Does it nourish you to see runway clothes in the street? And what’s your view when fashion goes the other way – into a museum as an exhibit?
I think there’s no greater joy than when you see runway clothes in the street. Seeing things worn by someone just breathes new life into the garment – it can totally open your eyes seeing it worn in a way you never expected. That’s definitely when style and character come into play – the person wearing it makes it beyond what it is. It obviously can get a bit monotonous seeing the same thing worn again and again by everyone, but I get the greatest high when I see obscure runway pieces from seasons past, especially anything Balenciaga circa 2000-2005. Street style images certainly have a hand in creating a demand for particular items, especially runway pieces because not everyone can see them past the runway. When you see a style icon or just someone randomly on the street wearing a runway piece, it creates this immediate desirability. In the case of designers like John Galliano, Cristobal Balenciaga, Alexander McQueen and Hussein Chalayan, seeing their work in a museum or exhibit really is crucial and can only really be valued in that setting. It’s the only opportunity to appreciate the grand scale of their work and great deal of craftsmanship. Without these exhibitions, how else would we ever see these pieces of art? It’s important that more and more of these exhibits occur.
Your pictures are a great portrayal of character and personal nuance…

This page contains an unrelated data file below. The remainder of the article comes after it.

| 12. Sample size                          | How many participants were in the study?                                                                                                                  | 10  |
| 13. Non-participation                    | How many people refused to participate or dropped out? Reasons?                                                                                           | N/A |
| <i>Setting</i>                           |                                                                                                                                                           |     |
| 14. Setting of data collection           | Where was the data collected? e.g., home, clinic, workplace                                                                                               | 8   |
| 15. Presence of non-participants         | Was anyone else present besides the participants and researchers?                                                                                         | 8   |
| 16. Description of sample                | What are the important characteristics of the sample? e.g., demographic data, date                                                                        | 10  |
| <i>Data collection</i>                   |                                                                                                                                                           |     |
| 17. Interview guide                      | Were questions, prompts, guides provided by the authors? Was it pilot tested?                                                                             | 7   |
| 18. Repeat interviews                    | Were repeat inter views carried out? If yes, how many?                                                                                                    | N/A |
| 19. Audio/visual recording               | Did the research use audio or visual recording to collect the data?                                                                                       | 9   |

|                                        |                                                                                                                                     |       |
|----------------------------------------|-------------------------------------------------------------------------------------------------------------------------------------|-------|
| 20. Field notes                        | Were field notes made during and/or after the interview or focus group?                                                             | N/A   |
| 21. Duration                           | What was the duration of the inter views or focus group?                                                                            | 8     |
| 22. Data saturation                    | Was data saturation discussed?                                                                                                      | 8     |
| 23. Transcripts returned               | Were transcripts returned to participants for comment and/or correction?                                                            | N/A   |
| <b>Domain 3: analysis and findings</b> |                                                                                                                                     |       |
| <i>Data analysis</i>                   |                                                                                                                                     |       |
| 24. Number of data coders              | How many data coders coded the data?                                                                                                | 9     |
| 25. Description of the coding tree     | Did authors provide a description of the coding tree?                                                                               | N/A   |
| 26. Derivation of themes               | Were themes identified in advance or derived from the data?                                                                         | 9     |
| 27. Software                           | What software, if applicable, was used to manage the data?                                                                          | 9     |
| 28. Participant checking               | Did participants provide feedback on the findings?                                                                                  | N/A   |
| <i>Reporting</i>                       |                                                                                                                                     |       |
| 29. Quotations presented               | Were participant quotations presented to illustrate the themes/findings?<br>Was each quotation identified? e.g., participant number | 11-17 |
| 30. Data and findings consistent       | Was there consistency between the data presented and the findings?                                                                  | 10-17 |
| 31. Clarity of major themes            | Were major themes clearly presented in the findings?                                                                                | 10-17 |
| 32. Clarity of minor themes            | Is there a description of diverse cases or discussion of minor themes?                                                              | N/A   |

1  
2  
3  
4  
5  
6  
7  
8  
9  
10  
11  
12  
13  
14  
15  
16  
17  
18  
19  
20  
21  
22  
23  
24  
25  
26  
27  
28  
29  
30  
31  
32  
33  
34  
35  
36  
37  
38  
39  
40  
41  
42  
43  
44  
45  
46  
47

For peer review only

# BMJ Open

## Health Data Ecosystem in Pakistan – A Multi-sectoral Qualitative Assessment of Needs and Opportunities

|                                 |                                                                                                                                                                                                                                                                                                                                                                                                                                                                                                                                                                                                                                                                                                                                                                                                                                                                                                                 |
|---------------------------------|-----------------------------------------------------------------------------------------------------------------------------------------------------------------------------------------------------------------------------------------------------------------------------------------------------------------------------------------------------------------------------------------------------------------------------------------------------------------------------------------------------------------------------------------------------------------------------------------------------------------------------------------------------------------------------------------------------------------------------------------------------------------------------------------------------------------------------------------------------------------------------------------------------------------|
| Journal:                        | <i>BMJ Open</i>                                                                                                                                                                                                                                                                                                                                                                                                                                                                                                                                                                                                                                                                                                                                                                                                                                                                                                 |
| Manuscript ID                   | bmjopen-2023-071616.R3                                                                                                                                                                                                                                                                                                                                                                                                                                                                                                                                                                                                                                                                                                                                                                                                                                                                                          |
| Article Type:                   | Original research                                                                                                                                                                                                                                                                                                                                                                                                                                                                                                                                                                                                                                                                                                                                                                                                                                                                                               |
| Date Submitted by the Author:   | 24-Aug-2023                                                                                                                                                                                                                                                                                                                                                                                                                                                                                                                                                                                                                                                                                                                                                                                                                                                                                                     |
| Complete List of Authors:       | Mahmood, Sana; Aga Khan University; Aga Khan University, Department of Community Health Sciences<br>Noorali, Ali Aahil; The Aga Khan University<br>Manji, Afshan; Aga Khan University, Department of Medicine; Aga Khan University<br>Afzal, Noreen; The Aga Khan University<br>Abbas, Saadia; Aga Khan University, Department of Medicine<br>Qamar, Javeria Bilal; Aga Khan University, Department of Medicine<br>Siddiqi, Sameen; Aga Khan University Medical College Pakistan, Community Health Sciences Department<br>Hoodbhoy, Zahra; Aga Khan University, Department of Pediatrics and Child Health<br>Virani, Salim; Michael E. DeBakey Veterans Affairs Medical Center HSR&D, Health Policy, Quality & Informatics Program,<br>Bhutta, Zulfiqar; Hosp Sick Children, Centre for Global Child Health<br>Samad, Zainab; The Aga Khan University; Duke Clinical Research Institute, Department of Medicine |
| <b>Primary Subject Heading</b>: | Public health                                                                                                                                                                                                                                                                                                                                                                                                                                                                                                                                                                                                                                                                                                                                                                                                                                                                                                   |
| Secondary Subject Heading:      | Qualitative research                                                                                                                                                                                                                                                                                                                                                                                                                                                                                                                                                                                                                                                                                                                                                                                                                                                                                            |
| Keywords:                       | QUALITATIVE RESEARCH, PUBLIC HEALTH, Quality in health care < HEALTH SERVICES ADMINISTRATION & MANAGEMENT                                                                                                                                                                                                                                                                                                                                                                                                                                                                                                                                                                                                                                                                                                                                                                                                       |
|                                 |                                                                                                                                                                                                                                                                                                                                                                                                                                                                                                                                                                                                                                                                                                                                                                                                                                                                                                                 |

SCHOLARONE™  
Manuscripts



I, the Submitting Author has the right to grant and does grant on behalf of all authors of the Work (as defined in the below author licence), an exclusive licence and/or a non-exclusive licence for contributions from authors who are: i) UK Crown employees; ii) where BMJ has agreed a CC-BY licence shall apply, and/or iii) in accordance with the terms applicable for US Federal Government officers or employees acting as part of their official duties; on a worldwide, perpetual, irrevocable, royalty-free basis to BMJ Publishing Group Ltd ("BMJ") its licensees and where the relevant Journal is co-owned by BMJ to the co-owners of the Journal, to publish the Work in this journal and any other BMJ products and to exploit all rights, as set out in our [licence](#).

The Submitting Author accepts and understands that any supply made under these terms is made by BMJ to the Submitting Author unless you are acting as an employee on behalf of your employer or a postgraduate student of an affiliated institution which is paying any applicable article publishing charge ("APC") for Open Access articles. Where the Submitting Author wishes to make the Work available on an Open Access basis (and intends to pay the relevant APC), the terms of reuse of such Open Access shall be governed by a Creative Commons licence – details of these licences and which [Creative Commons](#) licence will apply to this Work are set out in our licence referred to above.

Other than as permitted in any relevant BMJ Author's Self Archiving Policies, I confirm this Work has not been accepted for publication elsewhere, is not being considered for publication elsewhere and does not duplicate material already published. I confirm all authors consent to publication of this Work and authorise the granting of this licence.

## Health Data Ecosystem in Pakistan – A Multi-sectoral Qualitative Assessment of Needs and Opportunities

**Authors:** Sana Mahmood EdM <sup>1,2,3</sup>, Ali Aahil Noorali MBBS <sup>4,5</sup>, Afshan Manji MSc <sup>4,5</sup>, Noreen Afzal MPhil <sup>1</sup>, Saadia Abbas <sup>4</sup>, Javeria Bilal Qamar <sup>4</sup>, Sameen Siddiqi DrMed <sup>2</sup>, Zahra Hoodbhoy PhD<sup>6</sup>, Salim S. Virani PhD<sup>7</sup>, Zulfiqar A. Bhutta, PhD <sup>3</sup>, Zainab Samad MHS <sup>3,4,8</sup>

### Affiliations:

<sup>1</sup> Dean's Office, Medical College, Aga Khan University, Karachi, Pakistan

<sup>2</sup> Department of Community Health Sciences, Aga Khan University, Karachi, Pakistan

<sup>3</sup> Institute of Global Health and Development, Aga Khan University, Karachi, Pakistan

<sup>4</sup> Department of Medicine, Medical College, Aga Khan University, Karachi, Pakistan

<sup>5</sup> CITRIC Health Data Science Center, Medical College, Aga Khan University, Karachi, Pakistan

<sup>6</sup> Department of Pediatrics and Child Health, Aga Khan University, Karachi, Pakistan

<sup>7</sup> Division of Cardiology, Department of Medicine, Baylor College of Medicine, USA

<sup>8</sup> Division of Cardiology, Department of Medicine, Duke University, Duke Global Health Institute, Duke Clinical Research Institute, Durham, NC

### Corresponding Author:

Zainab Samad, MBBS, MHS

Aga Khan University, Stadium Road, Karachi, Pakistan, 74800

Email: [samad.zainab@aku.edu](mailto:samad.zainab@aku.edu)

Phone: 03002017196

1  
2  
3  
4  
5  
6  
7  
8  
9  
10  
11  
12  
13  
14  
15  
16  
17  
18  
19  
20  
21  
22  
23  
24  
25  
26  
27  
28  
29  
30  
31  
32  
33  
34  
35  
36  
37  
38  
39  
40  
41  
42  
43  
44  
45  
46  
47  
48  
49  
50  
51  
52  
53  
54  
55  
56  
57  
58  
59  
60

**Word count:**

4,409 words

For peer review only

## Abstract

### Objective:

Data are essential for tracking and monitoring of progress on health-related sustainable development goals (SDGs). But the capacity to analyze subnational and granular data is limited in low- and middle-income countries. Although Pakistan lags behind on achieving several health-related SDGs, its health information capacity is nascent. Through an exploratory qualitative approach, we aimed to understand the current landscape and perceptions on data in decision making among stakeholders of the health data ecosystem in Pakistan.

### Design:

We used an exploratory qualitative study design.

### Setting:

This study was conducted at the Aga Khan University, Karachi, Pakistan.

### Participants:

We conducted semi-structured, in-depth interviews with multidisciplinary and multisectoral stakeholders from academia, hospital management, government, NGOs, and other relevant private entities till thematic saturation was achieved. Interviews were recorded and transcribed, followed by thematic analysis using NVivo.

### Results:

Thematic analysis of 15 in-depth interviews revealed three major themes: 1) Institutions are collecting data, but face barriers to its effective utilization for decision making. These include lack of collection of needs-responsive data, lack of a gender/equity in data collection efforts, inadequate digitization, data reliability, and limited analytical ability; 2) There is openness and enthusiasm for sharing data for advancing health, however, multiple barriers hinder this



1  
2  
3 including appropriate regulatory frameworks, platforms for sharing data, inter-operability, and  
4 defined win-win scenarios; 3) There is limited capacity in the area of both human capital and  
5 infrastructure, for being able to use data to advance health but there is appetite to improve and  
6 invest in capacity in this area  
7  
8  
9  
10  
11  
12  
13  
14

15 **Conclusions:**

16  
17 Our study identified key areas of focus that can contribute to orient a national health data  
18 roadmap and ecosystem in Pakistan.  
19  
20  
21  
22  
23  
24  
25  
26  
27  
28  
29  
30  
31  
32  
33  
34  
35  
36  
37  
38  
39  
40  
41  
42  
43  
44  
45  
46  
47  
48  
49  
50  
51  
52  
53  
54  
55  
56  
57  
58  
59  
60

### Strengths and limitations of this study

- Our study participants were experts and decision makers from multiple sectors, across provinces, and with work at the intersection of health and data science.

Regardless of what designer someone is wearing or their background or upbringing, what makes someone stylish is their character. Without having any sense of character, you’re just a walking clothes hanger for whatever you’re wearing. I’m lucky to spot many characters in my job. Women like Catherine Baba or Anna Dello Russo are certainly two rare birds with lots of character.
Who do you think has great style?
I think Haider Ackermann and Stefano Pilati have great personal style. There’s no better word than elegant to describe their style. I love Haider’s sense of colour and the proportion of Stefano’s outfits. There’s an ease and romance to the way they dress themselves. I love photographing plenty of people you can always see in my work: Hanne Gaby Odiele, Robert Rabensteiner, Taylor Tomasi Hill, Catherine Baba, Nickelson Wooster, Aurora Sansone, Shala Monroque, Justin Doss. I probably have more photos of Anna Dello Russo in my archive than anyone else. I most likely have thousands of photos of her.